Seeking regional solutions to regional challenges

Rabo Food Forward wants to unite the food chain

Who is best equipped to solve local challenges? Local stakeholders. That’s the view of Rabo Food Forward, a research and networking program fostering food chain innovation at a regional level. RaboResearch Analyst Lambert van Horen explains.

Listen to this story as a podcast (in Dutch), or read on for the English interview.

The foundations of Rabo Food Forward, Van Horen says, were laid several years ago when Rabobank reviewed its strategy. “We shifted our focus towards using our influence as a bank to improve the global food supply chain,” Van Horen explains. “We do so internationally, but our impact is particularly big in the Dutch market. Our small country is home to a disproportionately large food export sector and food processing industry, to which we are the preferred financial service provider.”

Unique regions, unique challenges

The Rabo Food Forward program approaches food supply chain issues at a regional level – and it all starts with hyper-local data collection. “We first analyze the situation in each separate region of the Netherlands, and then engage all the actors involved from one end of the chain to the other,” says Van Horen, who leads the analysis of the fourteen “regional scans.”

The Food Forward regional scan looks for answers to questions like: What kind of agricultural activity is there? How is that developing compared to the same activity in other regions? What kind of processing industry is there, and how does that impact the food supply chain? What are the consumers in the region like – urban or traditional?

“Each regional scan produces a huge amount of data, and that’s good”

- Lambert van Horen, RaboResearch

The scan assigns scores in four areas: Nutrition, Earth, Waste and Stability (NEWS). Waste concerns the treatment of waste flows. Earth covers air, water and soil quality. Nutrition is about the food products themselves. Stability looks at things like farmers’ incomes and crop failure risks. “The scan produces a huge amount of data, and that’s good,” Van Horen observes. “Facts are judgment-free, and having them heads off a lot of discussion.”

First up: Friesland

The first regional scan and Food Forward event took place in the Dutch province of Friesland in March of this year, and what immediately meets the eye is the dominance of dairy farming. Consequently, everything moves along with the milk price, and that has been lagging behind overall inflation for many years now. “There are different ways for farmers to respond,” says Van Horen. “Upscaling is just one of them. Some farmers go organic to fetch higher prices; some produce other more expensive varieties that consumers appreciate. In the German market, for example, there’s demand for GM-free milk. It’s not a matter of one size fits all.”

With the number of farms decreasing and the remaining farms getting bigger, other issues for Friesland are rural depopulation and social cohesion. “We encourage farmers to diversify into activities that breathe life into the community,” Van Horen says, “like opening a farm shop or offering bed and breakfast or camping facilities.”

Moderator Harm Edens with participants at Rabo Food Forward Flevoland


Organic farming in Flevoland

Flevoland was the second region to undergo scanning. Here, horticulture is the main activity, and, fueled by rising consumer demand, organic farming plays a significant role. Van Horen: “Organic horticulture is an excellent testing ground for sustainable practices that can later be rolled out on conventional farms. Crop rotation and greater crop diversification for example.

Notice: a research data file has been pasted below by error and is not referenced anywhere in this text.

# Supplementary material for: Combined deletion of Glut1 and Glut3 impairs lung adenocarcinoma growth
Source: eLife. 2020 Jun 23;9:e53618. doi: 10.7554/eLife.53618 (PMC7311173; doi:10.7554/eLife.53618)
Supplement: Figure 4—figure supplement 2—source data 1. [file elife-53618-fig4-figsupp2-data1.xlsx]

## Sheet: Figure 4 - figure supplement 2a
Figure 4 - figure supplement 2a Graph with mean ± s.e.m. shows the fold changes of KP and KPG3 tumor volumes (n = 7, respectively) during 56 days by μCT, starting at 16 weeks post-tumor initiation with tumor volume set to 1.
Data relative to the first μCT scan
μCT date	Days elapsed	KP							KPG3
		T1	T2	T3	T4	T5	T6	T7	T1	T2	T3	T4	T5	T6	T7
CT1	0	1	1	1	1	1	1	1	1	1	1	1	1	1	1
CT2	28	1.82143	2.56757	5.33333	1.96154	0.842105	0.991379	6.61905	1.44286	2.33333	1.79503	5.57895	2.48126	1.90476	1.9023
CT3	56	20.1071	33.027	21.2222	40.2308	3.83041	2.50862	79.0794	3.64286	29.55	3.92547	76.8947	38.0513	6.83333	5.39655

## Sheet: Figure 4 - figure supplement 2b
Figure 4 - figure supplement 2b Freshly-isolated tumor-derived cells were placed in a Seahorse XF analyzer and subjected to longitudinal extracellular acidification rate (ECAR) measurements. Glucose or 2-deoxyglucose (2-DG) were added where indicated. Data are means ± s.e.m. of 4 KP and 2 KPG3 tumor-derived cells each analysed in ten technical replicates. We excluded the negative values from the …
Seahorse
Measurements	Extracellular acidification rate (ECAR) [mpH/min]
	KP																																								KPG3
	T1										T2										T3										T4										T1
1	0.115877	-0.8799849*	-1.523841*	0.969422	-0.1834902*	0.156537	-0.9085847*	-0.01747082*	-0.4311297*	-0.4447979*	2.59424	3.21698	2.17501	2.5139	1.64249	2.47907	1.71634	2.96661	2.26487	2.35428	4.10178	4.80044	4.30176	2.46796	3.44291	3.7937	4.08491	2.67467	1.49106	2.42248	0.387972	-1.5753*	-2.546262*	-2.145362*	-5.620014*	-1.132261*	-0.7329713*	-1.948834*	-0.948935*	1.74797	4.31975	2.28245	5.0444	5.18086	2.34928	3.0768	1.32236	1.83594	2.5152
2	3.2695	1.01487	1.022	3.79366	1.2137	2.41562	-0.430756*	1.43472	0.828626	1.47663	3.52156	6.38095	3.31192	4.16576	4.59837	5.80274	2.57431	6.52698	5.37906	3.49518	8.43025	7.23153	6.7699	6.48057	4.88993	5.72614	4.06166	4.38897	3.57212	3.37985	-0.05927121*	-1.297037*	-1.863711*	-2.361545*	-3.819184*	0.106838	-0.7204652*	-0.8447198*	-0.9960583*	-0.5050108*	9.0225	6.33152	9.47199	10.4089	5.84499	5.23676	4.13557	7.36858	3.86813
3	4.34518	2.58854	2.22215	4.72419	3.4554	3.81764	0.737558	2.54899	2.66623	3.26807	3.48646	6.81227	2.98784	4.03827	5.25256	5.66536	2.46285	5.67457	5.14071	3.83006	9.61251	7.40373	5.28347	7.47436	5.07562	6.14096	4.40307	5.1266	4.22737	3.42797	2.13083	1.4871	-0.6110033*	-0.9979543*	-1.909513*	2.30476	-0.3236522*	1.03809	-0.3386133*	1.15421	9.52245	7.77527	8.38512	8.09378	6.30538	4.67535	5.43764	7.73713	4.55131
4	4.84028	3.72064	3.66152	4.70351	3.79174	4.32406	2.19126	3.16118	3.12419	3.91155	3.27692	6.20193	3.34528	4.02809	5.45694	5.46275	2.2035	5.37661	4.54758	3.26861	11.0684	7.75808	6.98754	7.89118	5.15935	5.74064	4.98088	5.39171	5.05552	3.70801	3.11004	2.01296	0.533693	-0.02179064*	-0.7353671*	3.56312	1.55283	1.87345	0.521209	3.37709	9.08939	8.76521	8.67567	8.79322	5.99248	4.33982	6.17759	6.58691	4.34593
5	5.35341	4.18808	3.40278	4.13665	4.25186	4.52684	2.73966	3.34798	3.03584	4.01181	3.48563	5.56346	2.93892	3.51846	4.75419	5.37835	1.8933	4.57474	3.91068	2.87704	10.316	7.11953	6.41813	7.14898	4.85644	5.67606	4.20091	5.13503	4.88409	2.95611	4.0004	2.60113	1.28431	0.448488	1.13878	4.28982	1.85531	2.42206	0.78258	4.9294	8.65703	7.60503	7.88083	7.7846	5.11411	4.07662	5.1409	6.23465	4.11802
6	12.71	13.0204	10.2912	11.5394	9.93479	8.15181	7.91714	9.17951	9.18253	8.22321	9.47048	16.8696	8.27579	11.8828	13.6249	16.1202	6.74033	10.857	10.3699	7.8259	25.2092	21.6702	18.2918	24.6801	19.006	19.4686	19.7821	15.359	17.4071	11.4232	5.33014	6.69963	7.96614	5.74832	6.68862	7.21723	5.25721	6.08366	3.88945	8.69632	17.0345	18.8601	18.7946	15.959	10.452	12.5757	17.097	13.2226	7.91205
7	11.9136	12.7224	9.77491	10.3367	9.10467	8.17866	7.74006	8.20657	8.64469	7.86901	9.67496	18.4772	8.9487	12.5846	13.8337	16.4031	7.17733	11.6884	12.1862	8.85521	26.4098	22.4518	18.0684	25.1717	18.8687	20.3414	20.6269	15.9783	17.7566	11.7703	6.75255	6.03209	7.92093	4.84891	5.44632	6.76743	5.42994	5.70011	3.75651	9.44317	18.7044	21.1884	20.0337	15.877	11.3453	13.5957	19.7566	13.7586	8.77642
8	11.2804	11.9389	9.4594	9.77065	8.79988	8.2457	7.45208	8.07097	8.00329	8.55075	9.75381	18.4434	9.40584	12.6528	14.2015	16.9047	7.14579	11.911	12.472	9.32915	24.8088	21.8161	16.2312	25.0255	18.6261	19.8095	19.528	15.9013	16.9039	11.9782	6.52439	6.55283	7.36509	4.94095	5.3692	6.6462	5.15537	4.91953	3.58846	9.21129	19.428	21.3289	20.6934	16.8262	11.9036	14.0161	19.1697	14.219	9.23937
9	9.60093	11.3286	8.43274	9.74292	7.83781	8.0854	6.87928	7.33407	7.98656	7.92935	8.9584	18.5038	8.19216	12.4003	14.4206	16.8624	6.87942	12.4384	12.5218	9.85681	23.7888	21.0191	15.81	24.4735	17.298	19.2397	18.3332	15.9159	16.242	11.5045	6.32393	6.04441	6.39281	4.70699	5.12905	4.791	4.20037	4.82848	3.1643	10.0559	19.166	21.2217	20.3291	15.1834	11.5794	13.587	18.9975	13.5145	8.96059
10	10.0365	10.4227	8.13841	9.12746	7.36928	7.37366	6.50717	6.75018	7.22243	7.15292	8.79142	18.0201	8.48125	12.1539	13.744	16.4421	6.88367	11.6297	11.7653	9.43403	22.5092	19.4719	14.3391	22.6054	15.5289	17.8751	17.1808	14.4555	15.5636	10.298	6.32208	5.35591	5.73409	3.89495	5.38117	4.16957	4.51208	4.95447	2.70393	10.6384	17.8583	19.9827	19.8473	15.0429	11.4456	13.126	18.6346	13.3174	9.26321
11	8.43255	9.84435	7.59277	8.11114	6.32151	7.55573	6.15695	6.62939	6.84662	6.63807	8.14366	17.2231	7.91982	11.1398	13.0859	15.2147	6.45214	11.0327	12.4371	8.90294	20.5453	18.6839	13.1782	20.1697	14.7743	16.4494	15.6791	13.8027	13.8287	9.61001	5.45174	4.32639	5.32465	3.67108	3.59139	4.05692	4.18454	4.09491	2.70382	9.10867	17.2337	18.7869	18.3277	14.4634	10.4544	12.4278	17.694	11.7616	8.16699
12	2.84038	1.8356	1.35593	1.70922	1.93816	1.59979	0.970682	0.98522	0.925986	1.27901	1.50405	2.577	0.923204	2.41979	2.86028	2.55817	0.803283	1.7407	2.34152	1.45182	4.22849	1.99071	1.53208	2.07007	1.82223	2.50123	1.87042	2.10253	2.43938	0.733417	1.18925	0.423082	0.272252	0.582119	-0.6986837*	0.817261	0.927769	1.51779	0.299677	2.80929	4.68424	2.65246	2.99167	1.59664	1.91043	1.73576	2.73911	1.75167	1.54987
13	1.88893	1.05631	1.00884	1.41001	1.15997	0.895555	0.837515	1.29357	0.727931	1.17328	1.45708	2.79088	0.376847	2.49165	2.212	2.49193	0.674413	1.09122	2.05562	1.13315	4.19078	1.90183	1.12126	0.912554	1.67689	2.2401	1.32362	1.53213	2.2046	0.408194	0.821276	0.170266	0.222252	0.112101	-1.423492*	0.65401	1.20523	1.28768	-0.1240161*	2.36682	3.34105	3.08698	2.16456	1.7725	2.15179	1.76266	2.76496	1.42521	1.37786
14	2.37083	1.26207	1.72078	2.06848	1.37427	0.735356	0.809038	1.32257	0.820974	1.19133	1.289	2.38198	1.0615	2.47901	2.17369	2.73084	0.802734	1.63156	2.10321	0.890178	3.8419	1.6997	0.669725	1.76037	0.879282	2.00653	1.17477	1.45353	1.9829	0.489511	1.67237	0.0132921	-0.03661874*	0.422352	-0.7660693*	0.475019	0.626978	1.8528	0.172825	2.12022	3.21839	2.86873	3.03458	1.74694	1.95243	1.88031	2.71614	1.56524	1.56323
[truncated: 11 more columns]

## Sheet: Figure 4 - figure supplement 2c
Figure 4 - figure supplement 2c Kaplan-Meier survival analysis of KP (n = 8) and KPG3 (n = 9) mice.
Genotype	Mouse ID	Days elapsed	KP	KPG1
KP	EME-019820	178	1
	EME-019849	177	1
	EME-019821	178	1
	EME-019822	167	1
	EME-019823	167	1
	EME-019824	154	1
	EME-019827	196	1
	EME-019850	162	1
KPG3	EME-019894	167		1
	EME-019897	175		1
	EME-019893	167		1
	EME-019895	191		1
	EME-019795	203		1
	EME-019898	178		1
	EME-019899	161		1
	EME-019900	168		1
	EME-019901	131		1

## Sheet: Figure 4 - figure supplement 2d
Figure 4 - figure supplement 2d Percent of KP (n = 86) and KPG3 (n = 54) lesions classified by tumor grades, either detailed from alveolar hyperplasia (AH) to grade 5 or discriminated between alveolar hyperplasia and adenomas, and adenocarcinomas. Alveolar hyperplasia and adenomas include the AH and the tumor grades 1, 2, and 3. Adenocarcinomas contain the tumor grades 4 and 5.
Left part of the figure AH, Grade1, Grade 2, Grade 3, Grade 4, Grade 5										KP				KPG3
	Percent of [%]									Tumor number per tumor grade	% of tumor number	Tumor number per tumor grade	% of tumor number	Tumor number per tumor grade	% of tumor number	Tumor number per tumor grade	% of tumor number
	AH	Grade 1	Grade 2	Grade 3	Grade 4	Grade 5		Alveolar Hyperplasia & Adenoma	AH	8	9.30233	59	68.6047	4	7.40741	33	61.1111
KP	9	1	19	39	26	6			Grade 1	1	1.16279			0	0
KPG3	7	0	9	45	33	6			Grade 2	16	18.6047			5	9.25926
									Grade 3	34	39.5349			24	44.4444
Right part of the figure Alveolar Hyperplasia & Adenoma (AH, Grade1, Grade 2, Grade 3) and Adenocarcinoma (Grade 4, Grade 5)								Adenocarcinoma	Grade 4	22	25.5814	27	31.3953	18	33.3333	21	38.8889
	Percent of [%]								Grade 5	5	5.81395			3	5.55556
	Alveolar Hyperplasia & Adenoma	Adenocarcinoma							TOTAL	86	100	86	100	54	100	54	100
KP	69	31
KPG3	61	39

“Organic farmers, in turn, are increasingly copying mechanization practices from their conventional peers, allowing them to upscale. As such, the gap between the two is closing. They’re not competitors, but look to combine the best of both worlds.”

“The gap between organic and conventional farmers is closing”

- Lambert van Horen, RaboResearch

A chain-wide brainstorm session

With the scan completed, the next step in Food Forward is to get the conversation going between all the actors across the region’s food supply chain: from farmers, food processors and transporters, to veterinarians, retailers and consumers. The first Food Forward event in Friesland last April attracted 120 participants who came together in the Brasserie 2050 for a conceptual dinner, lecture series, and community brainstorm session.

“The vibe was really good,” says Van Horen. “We split up into groups of eight to ten people from different backgrounds who had never met, all fizzing with plans and ideas to improve the supply chain and fired up to share them. Such an open atmosphere. All I had to do as the discussion leader was ‘tickle’ them now and then with targeted questions.”

Pitching in the Food Forward Track

Of those 120 first participants, some 25 to 30 of them have been attending follow-up sessions – the so-called “Food Forward Track” – to hammer their ideas into workable business models. Though Rabobank organized the initial event, community members took on the challenge from there. At the sixth of these track meetings, this month, they will pitch their proposals.

“Participants were fizzing with ideas to improve the supply chain”

- Lambert van Horen, RaboResearch

“The most exciting of these are the ones that connect multiple actors in the supply chain: farmers and consumers, for example, or processors and transporters. I’m really keen to see what they’ve come up with.”

Meanwhile, Flevoland has already had its own brainstorm session, and another set of participants is now following the Food Forward Track. In early October, a new event kicks off in the province of Gelderland. In the next two years, the scans and brainstorming sessions will reach every corner in the country.